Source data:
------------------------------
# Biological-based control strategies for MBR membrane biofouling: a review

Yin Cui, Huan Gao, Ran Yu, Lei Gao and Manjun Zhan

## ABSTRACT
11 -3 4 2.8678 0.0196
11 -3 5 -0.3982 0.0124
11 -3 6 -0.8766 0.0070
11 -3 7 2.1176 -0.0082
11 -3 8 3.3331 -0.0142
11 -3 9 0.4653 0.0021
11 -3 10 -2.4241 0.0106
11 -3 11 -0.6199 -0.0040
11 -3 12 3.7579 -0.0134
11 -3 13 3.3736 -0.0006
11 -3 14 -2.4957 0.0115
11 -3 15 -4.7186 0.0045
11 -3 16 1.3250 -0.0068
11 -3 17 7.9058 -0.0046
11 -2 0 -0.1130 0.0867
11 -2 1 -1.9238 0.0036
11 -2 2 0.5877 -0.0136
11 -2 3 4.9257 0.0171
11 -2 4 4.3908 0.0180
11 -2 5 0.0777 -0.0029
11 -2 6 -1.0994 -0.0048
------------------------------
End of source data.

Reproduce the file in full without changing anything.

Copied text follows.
# Biological-based control strategies for MBR membrane biofouling: a review

Yin Cui, Huan Gao, Ran Yu, Lei Gao and Manjun Zhan

## ABSTRACT
11 -3 4 2.8678 0.0196
11 -3 5 -0.3982 0.0124
11 -3 6 -0.8766 0.0070
11 -3 7 2.1176 -0.0082
11 -3 8 3.3331 -0.0142
11 -3 9 0.4653 0.0021
11 -3 10 -2.4241 0.0106
11 -3 11 -0.6199 -0.0040
11 -3 12 3.7579 -0.0134
11 -3 13 3.3736 -0.0006
11 -3 14 -2.4957 0.0115
11 -3 15 -4.7186 0.0045
11 -3 16 1.3250 -0.0068
11 -3 17 7.9058 -0.0046
11 -2 0 -0.1130 0.0867
11 -2 1 -1.9238 0.0036
11 -2 2 0.5877 -0.0136
11 -2 3 4.9257 0.0171
11 -2 4 4.3908 0.0180
11 -2 5 0.0777 -0.0029
11 -2 6 -1.0994 -0.0048